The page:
Frankenstein: Or, The Modern Prometheus
Mary Shelley's novel "Frankenstein: or, the Modern Prometheus" (1818) is a combination of gothic horror story and science fiction first conceived for a writing challenge by Lord Byron when she was just eighteen. It is the story of Victor Frankenstein, a Swiss student of natural science who assembles pieces of corpses to create an artificial man and brings it to life with galvanism. Though it seeks affection, the unnamed monster inspires loathing in everyone it meets. Lonely and miserable, the creature ultimately destroys its creator.
As it drew nearer, I observed that it was the Swiss diligence: it stopped just where
I was standing; and, on the door being opened, I perceived Henry Clerval, who,
on seeing me, instantly sprung out. “My dear Frankenstein,” exclaimed he, “how ...
I remember the first time I became capable of observing outward objects with any
kind of pleasure, I perceived that the fallen leaves had disappeared, and that the
young buds were shooting forth from the trees that shaded my window. It was a ...
He had also changed my apartment; for he perceived that I had acquired a dislike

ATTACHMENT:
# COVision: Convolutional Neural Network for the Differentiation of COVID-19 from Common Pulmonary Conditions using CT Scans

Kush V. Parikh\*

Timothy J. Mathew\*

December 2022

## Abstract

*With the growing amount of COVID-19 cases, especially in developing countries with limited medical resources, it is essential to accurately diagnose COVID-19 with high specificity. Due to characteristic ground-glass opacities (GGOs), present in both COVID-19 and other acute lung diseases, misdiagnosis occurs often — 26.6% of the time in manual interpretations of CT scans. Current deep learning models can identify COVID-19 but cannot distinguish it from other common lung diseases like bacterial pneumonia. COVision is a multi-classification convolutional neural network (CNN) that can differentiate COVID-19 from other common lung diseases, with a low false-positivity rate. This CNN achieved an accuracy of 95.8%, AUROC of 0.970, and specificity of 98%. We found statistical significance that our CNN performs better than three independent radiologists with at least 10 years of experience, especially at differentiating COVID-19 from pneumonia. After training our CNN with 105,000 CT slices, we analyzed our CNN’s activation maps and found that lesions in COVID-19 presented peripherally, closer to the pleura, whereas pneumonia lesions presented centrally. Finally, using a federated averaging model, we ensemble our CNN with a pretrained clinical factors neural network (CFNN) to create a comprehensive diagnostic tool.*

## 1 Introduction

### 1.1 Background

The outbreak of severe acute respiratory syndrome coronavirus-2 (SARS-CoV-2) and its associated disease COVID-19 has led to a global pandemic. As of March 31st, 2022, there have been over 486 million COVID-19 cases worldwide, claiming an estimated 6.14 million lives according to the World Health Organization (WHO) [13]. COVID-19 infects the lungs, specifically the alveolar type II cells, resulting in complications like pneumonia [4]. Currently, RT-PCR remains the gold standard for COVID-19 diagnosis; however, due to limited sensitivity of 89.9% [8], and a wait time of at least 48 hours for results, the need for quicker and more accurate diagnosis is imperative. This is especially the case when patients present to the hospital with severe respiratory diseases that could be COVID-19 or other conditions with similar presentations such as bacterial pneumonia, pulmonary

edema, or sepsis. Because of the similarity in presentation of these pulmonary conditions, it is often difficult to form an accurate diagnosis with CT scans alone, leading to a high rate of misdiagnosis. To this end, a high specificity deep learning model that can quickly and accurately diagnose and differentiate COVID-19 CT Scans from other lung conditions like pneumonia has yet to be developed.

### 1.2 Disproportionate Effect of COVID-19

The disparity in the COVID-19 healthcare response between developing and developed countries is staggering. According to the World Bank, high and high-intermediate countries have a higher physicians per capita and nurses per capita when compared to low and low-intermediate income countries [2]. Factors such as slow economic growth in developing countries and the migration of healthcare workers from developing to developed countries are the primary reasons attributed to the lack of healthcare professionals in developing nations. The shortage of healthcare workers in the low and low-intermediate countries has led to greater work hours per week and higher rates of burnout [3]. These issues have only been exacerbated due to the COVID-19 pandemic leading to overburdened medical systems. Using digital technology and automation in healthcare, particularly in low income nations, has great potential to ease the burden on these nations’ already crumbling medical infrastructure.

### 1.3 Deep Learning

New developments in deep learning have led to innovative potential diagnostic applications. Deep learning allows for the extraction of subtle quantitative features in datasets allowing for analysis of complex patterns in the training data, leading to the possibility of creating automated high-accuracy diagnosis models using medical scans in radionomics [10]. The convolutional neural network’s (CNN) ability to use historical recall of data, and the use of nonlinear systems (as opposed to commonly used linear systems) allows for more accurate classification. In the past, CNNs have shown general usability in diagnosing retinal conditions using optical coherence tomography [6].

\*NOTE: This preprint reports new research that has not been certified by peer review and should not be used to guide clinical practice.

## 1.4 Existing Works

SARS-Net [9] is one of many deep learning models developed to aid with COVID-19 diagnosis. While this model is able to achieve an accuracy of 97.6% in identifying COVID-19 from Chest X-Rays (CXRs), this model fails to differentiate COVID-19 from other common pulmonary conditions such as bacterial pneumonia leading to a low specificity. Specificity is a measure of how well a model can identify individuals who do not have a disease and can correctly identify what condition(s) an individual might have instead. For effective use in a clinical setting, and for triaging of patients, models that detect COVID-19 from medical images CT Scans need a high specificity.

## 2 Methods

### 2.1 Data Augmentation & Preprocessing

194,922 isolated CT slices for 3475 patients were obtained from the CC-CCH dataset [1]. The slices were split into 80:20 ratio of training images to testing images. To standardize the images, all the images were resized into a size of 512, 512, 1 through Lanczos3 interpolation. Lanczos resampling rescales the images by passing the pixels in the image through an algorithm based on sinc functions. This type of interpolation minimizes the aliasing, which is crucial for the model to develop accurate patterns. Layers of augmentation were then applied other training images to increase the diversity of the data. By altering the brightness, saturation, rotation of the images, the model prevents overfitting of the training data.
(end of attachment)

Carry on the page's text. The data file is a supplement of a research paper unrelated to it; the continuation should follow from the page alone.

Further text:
for the room which had previously been my laboratory. But these cares of Clerval
were made of no avail when I visited the professors. M. Waldman inflicted ...
As I said these words, I perceived in the gloom a figure which stole from behind a
clump of trees near me; I stood fixed, gazing intently: I could not be mistaken. A
flash of lightning illuminated the object, and discovered its shape plainly to me; ...
She had been out the whole of the night on which the murder had been
committed, and towards morning had been perceived by a market-woman not far
from the spot where the body of the murdered child had been afterwards found.
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LibraryThing ReviewUser Review - CJ82487 - LibraryThing
Mary Shelley's romantic novel first published in 1818 anonymously has been the inspiration for movie monster makers. Since the first film adaptation in 1823, Shelley's creation has been brought to ... Read full review
LibraryThing ReviewUser Review - dbsovereign - LibraryThing
It gets lonely when you're a monster. Shelley makes us look at the inhuman aspects of ourselves. When what we create gets out of hand isn't it still our fault? Read full review